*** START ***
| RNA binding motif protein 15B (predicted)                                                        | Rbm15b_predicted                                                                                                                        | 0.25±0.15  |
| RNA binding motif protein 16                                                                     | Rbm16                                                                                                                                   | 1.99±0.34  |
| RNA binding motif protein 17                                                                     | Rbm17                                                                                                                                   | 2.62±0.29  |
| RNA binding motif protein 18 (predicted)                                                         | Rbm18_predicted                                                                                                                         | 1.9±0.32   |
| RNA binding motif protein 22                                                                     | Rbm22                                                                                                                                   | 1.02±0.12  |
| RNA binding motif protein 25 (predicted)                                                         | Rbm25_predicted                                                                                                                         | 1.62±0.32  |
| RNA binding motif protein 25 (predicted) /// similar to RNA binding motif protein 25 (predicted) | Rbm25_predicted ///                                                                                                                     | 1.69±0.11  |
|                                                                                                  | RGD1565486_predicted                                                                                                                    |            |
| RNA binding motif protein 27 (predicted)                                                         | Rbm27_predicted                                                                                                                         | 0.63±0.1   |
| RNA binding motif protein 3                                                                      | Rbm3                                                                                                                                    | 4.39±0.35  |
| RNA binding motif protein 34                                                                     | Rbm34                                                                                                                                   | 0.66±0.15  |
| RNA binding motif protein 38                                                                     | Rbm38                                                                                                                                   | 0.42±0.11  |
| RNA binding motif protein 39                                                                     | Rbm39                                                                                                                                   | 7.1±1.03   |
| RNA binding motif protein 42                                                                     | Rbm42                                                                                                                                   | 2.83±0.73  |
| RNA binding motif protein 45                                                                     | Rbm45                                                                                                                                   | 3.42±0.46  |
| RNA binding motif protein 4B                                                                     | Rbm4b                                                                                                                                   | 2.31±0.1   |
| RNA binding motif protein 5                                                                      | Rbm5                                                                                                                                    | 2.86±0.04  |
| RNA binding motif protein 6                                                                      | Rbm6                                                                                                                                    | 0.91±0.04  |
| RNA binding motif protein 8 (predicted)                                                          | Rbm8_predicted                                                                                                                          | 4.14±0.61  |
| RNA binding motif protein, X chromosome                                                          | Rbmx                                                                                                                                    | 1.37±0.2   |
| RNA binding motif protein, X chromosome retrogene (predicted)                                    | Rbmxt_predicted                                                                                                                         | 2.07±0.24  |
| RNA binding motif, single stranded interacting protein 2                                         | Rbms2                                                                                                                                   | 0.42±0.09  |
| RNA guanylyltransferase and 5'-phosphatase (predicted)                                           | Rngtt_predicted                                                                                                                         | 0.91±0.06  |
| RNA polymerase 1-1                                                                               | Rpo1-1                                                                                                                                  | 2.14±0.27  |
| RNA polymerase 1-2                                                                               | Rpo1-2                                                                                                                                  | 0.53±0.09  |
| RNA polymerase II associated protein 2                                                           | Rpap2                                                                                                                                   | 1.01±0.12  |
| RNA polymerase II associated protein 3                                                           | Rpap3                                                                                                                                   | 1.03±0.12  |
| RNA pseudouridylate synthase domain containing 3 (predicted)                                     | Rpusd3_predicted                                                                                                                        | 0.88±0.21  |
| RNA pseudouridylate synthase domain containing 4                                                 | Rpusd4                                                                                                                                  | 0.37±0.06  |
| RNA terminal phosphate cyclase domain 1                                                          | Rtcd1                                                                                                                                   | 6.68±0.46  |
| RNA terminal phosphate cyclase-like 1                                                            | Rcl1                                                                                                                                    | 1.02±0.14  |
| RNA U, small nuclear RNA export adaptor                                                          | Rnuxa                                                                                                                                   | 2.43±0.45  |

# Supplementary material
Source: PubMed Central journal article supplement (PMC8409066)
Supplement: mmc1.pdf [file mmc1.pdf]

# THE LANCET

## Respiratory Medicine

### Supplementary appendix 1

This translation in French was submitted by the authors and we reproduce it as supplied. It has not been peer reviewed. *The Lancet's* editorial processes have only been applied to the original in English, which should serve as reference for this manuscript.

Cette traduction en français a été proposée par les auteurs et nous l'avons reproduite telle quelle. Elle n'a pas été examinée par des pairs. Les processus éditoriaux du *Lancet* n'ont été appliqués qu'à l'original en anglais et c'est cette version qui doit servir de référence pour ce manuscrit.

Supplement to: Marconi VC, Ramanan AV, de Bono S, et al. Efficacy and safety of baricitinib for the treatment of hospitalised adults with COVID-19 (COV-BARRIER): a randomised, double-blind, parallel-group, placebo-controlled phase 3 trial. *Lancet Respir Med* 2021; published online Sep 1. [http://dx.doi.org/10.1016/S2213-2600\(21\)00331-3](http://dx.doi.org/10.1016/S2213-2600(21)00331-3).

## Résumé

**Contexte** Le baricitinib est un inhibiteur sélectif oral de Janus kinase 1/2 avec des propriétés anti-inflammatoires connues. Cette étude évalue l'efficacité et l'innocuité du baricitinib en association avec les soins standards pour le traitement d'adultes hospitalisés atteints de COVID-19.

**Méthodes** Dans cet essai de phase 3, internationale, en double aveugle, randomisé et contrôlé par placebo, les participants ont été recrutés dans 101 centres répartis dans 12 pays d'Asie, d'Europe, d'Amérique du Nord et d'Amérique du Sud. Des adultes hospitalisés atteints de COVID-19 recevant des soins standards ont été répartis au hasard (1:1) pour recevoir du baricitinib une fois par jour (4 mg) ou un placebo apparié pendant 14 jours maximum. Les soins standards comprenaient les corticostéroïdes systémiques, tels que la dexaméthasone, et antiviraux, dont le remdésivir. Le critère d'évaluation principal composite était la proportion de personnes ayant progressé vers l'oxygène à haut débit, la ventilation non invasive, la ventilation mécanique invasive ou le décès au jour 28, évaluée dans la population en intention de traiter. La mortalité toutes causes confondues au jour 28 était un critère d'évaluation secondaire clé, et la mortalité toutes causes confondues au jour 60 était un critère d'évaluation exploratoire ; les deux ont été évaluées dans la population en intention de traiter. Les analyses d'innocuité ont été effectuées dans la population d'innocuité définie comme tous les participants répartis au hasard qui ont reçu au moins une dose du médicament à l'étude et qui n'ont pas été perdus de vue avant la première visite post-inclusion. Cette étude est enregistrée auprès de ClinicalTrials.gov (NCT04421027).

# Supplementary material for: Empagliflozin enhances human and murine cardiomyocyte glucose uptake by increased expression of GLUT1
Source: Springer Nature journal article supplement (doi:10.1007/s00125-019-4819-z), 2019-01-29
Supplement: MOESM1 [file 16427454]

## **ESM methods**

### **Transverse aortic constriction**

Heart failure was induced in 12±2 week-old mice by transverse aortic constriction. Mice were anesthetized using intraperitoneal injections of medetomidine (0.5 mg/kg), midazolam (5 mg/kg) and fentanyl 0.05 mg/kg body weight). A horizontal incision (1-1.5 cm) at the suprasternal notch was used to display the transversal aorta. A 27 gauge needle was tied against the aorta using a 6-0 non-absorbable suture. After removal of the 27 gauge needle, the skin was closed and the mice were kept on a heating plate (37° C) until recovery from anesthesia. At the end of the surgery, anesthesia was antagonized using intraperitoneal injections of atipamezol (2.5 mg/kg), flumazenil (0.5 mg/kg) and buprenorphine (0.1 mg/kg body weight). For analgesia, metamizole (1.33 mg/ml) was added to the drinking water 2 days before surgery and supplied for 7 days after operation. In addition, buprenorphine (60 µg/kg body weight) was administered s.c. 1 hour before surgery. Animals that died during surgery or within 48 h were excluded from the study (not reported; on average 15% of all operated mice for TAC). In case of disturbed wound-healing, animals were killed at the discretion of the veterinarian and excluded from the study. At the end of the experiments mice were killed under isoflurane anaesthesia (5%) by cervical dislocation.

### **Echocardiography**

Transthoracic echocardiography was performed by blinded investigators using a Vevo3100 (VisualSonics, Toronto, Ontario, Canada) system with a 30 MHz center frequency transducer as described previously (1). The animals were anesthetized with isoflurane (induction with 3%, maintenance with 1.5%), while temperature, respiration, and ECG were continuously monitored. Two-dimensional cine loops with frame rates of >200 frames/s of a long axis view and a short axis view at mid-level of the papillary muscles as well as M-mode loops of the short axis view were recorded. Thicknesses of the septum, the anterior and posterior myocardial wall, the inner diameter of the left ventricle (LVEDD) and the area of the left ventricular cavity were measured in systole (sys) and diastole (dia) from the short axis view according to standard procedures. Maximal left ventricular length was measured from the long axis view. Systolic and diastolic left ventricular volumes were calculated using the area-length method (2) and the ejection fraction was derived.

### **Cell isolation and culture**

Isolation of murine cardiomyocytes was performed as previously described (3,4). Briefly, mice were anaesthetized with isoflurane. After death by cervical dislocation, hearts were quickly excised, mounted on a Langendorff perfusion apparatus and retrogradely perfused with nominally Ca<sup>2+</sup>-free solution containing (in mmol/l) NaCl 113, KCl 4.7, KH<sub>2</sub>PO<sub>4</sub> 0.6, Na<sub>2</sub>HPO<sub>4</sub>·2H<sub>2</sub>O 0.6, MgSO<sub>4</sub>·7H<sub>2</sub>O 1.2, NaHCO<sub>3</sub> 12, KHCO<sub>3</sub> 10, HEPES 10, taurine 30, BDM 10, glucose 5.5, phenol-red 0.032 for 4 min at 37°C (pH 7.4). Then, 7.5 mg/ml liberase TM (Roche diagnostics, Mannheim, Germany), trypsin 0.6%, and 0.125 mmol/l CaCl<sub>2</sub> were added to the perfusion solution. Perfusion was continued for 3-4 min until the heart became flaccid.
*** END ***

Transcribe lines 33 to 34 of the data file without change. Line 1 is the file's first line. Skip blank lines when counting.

# Supplementary material
Source: PubMed Central journal article supplement (PMC8409066)